thought-cloudIt is the author’s responsibility to seek endorsements for their books and publishers expect you to get them. Blurbs – often only a few words or phrase of praise from a high profile author, celebrity, or expert  –  appear on a book’s cover or dust jacket flaps. Blurbs are also used in query letters to agents, on tip sheets to booksellers, in marketing materials and press releases. You need to demonstrate others have found your work worthy of publication to convince an agent or editor you can help market your future publication.

Does the prospect of asking for blurbs make you cringe because it requires a level of narcissism you can’t quite muster into self-promotion? Remember, Narcissus is a gorgeous yellow spring blossom. The perennial flower takes its name from the Greek myth of the hunter renowned for his beauty who fell in love with his reflection in a pool of water and dies there unable to leave his own reflection. The moral of the story? It’s not about you, it’s about the book.

Asking for blurbs should be as easy as growing daffodils. Set the bulbs in the fall for spring blooms. It’s up to you to plant, fertilize, weed, water, tend, and harvest the bounty of book blurbs. In the seasons of publishing, now is a good time to plan ahead for the year so you can give readers an opportunity to know your work-in-progress.daffodils closeup

Endorsements add credibility to your work in the eyes of readers. If someone picks up your book and sees a blurb from an expert or author whom they already know, respect and trust, they are more likely to purchase it. Blurbs can be extremely beneficial to a debut author, a writer who wants to break out of the midlist and move into mass market trade, or an established author switching genres.  Blurbs can help your book break out in a big way.

Create a list of people you would like to ask for endorsements early on in your project, as you write your marketing strategy for your book proposal.  So who should you ask? The answer depends on who your readers are. Who do they consider an expert or authority? You want someone with strong name recognition and high integrity. Who do you know that your audience considers influential?

If you don’t already have a professional relationship or personal connection, you need lead time to cultivate an alliance or affiliation before you ask for an endorsement. Key players in professional circles, opinion leaders in organizations, celebrities and public figures can lend the weight of their approval to your book, but before they provide a blurb you need to participate in their community of readers and writers. Make friends before you ask for favors.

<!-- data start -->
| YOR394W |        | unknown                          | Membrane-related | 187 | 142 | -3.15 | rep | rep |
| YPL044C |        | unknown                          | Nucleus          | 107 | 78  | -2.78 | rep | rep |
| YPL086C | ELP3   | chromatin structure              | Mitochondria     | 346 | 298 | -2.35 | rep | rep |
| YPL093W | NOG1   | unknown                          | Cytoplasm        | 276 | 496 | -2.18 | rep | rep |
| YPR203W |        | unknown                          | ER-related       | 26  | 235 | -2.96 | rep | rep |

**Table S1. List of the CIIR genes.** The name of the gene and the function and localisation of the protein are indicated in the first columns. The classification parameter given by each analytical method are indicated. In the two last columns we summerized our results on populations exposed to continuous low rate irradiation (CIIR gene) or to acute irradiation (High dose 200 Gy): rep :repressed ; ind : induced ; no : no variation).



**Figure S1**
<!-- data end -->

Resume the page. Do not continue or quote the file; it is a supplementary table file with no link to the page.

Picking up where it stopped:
pencil-and-paperSo how do you get an endorsement? You have to ask. Write a one page letter that starts with why you write and your common connection, provide a succinct premise of the book, make your request clear and your interest in receiving written feedback. Don’t expect someone to promise a positive review or endorsement before they have read your work. Ask for feedback and professional advice, not a blurb. If they agree to read your proposal, sample chapters or your manuscript, then wait for their written response. IF they have written a lovely endorsement that contains a strong pull quote, request their permission in writing to use their words in support of your efforts.

Making your list of people you plan to seek endorsements from is part of early planning for publication. Don’t list Oprah, Charlie Rose, Ellen DeGeneres, Malcolm Gladwell, or Terry Gross in your marketing strategy unless the editor of Oprah’s Book Club is your neighbor, the booker for Charlie’s shows is your brother, Ellen’s mom and your mom were college roommates, Malcolm and you went to high school together or Terry Gross gave you her business card at an art opening and told you to contact her about your book. But you do want to include those influential people you know who have name recognition and status among your readers.

Make a list and keep adding to it. Between the time you write your manuscript and the publication release date new opportunities arise to garner endorsements from rising stars. Blurbs are the heartbeat to book buzz.

Your community of early endorsers is your advance sales team. If someone endorses your book, they have a stake in its success. Their name is on the book, too. And you should ask them to spread the word. Provide them with a personal copy of the book when it is published. Sign the book or advance review copy to the person using their name.

Even after your book is out, continue to collect endorsements. You can issue a news release, use them in feature articles, interviews and marketing materials. A second edition could include endorsements or blurbs in the front matter.

Getting blurbs for your book is about executing your marketing strategy and that work begins long before your book hits the shelves with your book proposal and doesn’t end once the book appears in print.

So who will you ask to blurb your book?

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Cathryn J. Prince
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Amy Pershing / Chevese Turner
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Diane Tober
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Larry Scheckel
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